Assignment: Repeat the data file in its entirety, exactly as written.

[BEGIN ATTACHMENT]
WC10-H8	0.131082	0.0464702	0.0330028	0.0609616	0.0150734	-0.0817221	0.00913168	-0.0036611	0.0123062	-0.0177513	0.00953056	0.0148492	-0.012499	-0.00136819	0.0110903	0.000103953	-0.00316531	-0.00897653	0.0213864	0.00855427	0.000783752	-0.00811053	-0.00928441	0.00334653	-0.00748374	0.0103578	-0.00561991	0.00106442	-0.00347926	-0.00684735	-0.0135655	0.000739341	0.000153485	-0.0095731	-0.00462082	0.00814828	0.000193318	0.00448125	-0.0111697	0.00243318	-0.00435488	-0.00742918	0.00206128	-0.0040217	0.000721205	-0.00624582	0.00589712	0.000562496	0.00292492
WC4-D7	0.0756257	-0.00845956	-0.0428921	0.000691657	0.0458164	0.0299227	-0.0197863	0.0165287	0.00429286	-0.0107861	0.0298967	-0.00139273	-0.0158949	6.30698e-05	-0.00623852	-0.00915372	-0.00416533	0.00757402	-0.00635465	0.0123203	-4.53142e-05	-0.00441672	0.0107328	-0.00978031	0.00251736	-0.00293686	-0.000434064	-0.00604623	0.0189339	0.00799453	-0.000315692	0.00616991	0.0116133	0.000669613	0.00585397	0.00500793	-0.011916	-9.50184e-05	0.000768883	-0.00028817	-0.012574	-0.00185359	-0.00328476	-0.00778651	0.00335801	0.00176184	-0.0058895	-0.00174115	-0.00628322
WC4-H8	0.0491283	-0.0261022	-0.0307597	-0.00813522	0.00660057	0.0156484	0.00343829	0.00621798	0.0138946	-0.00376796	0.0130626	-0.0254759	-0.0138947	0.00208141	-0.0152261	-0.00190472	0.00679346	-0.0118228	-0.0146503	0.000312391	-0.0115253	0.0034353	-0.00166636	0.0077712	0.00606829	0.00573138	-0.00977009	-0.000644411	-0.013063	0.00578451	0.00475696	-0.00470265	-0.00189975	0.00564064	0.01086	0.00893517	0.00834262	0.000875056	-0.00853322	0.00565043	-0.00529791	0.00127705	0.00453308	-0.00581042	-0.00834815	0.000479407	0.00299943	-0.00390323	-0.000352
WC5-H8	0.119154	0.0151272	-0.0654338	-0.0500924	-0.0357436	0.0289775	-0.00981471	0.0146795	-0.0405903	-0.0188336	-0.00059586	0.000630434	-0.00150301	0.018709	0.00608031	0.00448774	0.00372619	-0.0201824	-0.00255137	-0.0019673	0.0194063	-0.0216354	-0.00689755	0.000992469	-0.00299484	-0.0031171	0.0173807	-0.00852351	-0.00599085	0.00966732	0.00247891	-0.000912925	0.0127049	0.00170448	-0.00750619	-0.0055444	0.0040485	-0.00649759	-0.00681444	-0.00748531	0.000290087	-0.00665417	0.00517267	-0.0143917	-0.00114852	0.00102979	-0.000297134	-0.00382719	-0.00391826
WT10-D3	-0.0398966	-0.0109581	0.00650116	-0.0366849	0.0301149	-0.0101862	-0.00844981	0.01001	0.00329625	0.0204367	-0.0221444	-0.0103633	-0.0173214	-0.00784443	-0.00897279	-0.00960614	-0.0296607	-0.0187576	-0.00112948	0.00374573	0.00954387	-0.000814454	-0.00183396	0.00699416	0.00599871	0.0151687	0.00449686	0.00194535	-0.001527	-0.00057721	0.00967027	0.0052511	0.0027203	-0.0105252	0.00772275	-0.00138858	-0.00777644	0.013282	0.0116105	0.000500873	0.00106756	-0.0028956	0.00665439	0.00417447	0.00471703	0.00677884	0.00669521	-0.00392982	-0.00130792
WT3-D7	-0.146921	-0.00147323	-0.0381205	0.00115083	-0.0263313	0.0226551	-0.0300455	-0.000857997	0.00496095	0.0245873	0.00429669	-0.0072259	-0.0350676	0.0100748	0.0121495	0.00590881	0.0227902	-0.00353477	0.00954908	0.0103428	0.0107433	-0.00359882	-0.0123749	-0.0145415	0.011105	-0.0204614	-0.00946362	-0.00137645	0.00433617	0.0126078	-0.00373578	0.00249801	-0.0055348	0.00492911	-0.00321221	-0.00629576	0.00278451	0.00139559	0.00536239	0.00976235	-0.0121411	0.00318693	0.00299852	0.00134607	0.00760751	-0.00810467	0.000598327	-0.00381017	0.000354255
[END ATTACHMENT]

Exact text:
WC10-H8	0.131082	0.0464702	0.0330028	0.0609616	0.0150734	-0.0817221	0.00913168	-0.0036611	0.0123062	-0.0177513	0.00953056	0.0148492	-0.012499	-0.00136819	0.0110903	0.000103953	-0.00316531	-0.00897653	0.0213864	0.00855427	0.000783752	-0.00811053	-0.00928441	0.00334653	-0.00748374	0.0103578	-0.00561991	0.00106442	-0.00347926	-0.00684735	-0.0135655	0.000739341	0.000153485	-0.0095731	-0.00462082	0.00814828	0.000193318	0.00448125	-0.0111697	0.00243318	-0.00435488	-0.00742918	0.00206128	-0.0040217	0.000721205	-0.00624582	0.00589712	0.000562496	0.00292492
WC4-D7	0.0756257	-0.00845956	-0.0428921	0.000691657	0.0458164	0.0299227	-0.0197863	0.0165287	0.00429286	-0.0107861	0.0298967	-0.00139273	-0.0158949	6.30698e-05	-0.00623852	-0.00915372	-0.00416533	0.00757402	-0.00635465	0.0123203	-4.53142e-05	-0.00441672	0.0107328	-0.00978031	0.00251736	-0.00293686	-0.000434064	-0.00604623	0.0189339	0.00799453	-0.000315692	0.00616991	0.0116133	0.000669613	0.00585397	0.00500793	-0.011916	-9.50184e-05	0.000768883	-0.00028817	-0.012574	-0.00185359	-0.00328476	-0.00778651	0.00335801	0.00176184	-0.0058895	-0.00174115	-0.00628322
WC4-H8	0.0491283	-0.0261022	-0.0307597	-0.00813522	0.00660057	0.0156484	0.00343829	0.00621798	0.0138946	-0.00376796	0.0130626	-0.0254759	-0.0138947	0.00208141	-0.0152261	-0.00190472	0.00679346	-0.0118228	-0.0146503	0.000312391	-0.0115253	0.0034353	-0.00166636	0.0077712	0.00606829	0.00573138	-0.00977009	-0.000644411	-0.013063	0.00578451	0.00475696	-0.00470265	-0.00189975	0.00564064	0.01086	0.00893517	0.00834262	0.000875056	-0.00853322	0.00565043	-0.00529791	0.00127705	0.00453308	-0.00581042	-0.00834815	0.000479407	0.00299943	-0.00390323	-0.000352
WC5-H8	0.119154	0.0151272	-0.0654338	-0.0500924	-0.0357436	0.0289775	-0.00981471	0.0146795	-0.0405903	-0.0188336	-0.00059586	0.000630434	-0.00150301	0.018709	0.00608031	0.00448774	0.00372619	-0.0201824	-0.00255137	-0.0019673	0.0194063	-0.0216354	-0.00689755	0.000992469	-0.00299484	-0.0031171	0.0173807	-0.00852351	-0.00599085	0.00966732	0.00247891	-0.000912925	0.0127049	0.00170448	-0.00750619	-0.0055444	0.0040485	-0.00649759	-0.00681444	-0.00748531	0.000290087	-0.00665417	0.00517267	-0.0143917	-0.00114852	0.00102979	-0.000297134	-0.00382719	-0.00391826
WT10-D3	-0.0398966	-0.0109581	0.00650116	-0.0366849	0.0301149	-0.0101862	-0.00844981	0.01001	0.00329625	0.0204367	-0.0221444	-0.0103633	-0.0173214	-0.00784443	-0.00897279	-0.00960614	-0.0296607	-0.0187576	-0.00112948	0.00374573	0.00954387	-0.000814454	-0.00183396	0.00699416	0.00599871	0.0151687	0.00449686	0.00194535	-0.001527	-0.00057721	0.00967027	0.0052511	0.0027203	-0.0105252	0.00772275	-0.00138858	-0.00777644	0.013282	0.0116105	0.000500873	0.00106756	-0.0028956	0.00665439	0.00417447	0.00471703	0.00677884	0.00669521	-0.00392982	-0.00130792
WT3-D7	-0.146921	-0.00147323	-0.0381205	0.00115083	-0.0263313	0.0226551	-0.0300455	-0.000857997	0.00496095	0.0245873	0.00429669	-0.0072259	-0.0350676	0.0100748	0.0121495	0.00590881	0.0227902	-0.00353477	0.00954908	0.0103428	0.0107433	-0.00359882	-0.0123749	-0.0145415	0.011105	-0.0204614	-0.00946362	-0.00137645	0.00433617	0.0126078	-0.00373578	0.00249801	-0.0055348	0.00492911	-0.00321221	-0.00629576	0.00278451	0.00139559	0.00536239	0.00976235	-0.0121411	0.00318693	0.00299852	0.00134607	0.00760751	-0.00810467	0.000598327	-0.00381017	0.000354255